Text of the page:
A Perfect Getaway (review)
Another Craptastic Movie
David Twohy hopes you’re not as smart as he is. In fact, he’s counting on you being kinda dim. It’s the only way you can work your way through his new thriller A Perfect Getaway and come out at the end with any semblance of having been entertained. Because he dangles before the viewer “clues” that aren’t clues but screamingly obvious indications to the solution of the “clever” game he’s playing with you, indications that only completely virgin moviegoers — or completely stupid ones — could misconstrue.
Or else Twohy doesn’t care if you guess where he’s going. But I’m not sure if it’s any better that if he merely holds his audience in contempt.
Twohy has written some good B-movies — Below The Fugitive — and some bad ones: The Arrival, Pitch Black. (And he directed some of those, too, as he does this one.) But this must be some sort of new low for the slasher/serial killer genre in how it cannot decide if it’s a parody — if it is, it’s not a smart one — or a straight-up instance of the genre that wants to raise a bar on it… which it utterly fails to do.
Smug? Damn, this is a self-satisfied, arrogant excuse for a film, in which the red-herringness is piled on with outrageous aplomb till there can be no doubt that Twohy is daring you to guess what’s up and hoping you’re not up to it, or not caring if you are. Either way, it seems only to demonstrate that Twohy is out to prove how craftily postmodern and uber cynical he is, even if that has to come at the expense of a satisfying story.
Three couples are vacationing in a remote Hawaiian paradise: sweet, ordinary newlyweds Cliff (Steve Zahn: Management, The Great Buck Howard) and Cydney (Milla Jovovich: Resident Evil: Extinction, Ultraviolet); tattooed outcasts Kale (Chris Hemsworth: Star Trek) and Cleo (Marley Shelton: W., Planet Terror), also just married; and Iraq vet Nick (Timothy Olyphant: Stop-Loss, Live Free or Die Hard) and his Southern-unbelle girlfriend Gina (Kiele Sanchez: Mr. Magorium’s Wonder Emporium), who are like something out of Deliverance. As they all embark on a hike through a remote mountain trail to a gorgeous, secluded beach, they learn of the gruesome murders back on Oahu of a couple on their honeymoon by a male-female pair of psychos. Oh noes! Cliff and Cydney (“Cydney”? really?) are totes upset: surely the killers are one of the weird and creepy couples they’re stuck with! What shall they do?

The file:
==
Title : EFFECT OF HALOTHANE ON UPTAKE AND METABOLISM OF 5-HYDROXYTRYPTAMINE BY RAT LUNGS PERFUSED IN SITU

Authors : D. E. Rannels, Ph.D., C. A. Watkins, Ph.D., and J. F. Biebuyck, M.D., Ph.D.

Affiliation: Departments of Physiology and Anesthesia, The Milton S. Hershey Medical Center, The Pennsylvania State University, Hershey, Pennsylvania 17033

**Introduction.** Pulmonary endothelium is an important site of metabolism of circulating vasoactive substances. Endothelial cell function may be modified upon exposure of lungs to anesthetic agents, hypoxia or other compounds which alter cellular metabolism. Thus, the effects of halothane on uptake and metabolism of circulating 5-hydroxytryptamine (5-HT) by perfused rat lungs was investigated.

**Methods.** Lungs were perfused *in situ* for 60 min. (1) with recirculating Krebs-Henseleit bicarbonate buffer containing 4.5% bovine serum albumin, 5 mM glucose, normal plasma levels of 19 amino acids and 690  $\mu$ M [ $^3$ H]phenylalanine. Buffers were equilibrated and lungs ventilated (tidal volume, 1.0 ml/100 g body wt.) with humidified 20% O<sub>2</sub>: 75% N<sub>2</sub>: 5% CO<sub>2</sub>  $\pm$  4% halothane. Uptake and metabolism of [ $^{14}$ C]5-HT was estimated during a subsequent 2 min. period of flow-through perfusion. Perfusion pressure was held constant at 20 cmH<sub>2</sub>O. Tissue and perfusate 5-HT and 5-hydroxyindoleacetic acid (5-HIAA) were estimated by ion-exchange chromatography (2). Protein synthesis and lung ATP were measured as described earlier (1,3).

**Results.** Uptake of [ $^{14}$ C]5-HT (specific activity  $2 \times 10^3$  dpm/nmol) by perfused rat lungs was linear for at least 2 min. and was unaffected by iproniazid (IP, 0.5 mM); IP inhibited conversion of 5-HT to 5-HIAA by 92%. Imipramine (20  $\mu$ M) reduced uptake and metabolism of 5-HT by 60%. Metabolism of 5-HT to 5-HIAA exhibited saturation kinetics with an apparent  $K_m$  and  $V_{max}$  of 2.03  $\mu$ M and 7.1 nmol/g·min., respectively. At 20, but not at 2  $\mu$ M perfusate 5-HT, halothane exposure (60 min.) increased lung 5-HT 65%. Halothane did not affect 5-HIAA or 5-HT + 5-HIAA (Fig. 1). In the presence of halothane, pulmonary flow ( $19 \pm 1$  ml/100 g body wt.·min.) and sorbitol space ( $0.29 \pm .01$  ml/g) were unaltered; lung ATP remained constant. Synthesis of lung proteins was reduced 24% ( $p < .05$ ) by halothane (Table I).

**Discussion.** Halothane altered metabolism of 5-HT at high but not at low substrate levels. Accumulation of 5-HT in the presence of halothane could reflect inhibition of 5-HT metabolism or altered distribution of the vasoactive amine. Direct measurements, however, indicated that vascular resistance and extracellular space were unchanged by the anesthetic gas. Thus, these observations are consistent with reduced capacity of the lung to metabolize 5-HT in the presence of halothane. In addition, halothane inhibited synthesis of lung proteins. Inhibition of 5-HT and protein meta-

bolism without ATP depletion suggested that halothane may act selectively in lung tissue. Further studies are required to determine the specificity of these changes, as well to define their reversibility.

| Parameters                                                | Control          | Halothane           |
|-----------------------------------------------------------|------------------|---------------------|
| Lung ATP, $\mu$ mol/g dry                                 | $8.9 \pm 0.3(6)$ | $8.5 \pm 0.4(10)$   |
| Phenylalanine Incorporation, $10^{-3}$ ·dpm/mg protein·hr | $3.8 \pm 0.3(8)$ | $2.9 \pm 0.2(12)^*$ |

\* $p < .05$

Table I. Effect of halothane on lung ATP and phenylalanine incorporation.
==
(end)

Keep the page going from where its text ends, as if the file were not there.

All this is further complicated by the fact that Cliff is an unassuming Hollywood screenwriter who’s just made his first studio sale, and Nick is totally movie-mad and thinks his life — he was there when we stormed Saddam’s palace! — would make a great movie. So there’s mucho discussion about red herrings — Nick insists the term is “red snapper” — and how there’s gonna be “lots of twists and turns ahead” and how vitally important it is to “get the details right… otherwise we’re just making another craptastic movie.” Hmmm…
“You’ve got a good Act Two twist,” Nick assumes of Cliff’s screenplay, and so even if you hadn’t already guessed — from the nuttiness of the preposterousness of how, say, Kale and Cleo are depicted in their first appearance in the film — that Twohy was messin’ wit’ ya, this is the concrete evidence right here. Twohy is practically peeing in his pants with excitement over his Act Two twist — which, frankly, I had guessed from the trailer, and found no reason to doubt up to the very moment it was revealed — and doesn’t care if it’s so cinematically self-aware that it pushes other imperatives of fiction (engaging characters, a logical plot) to the backseat. All that matters here is how Twohy is tricking you… or trying to trick you… or trying to force you into speculating how you’re being tricked.
And when the trick is revealed, it doesn’t matter if it makes no sense, if the diversions Twohy has thrown our way were unfair deceptions. The killers are crazy: they’re allowed to do things that don’t make sense, even when no one is watching except the omniscient camera they’re not supposed to know is there.
Postmodernism is fine. Cynicism is fine. Tweaking clichés is fine. But when the only way you can do that is by jerking your audience around, that is not fine. A Perfect Getaway goes so far round the bend that it comes back again to meet itself in a place that it makes no sense to be in.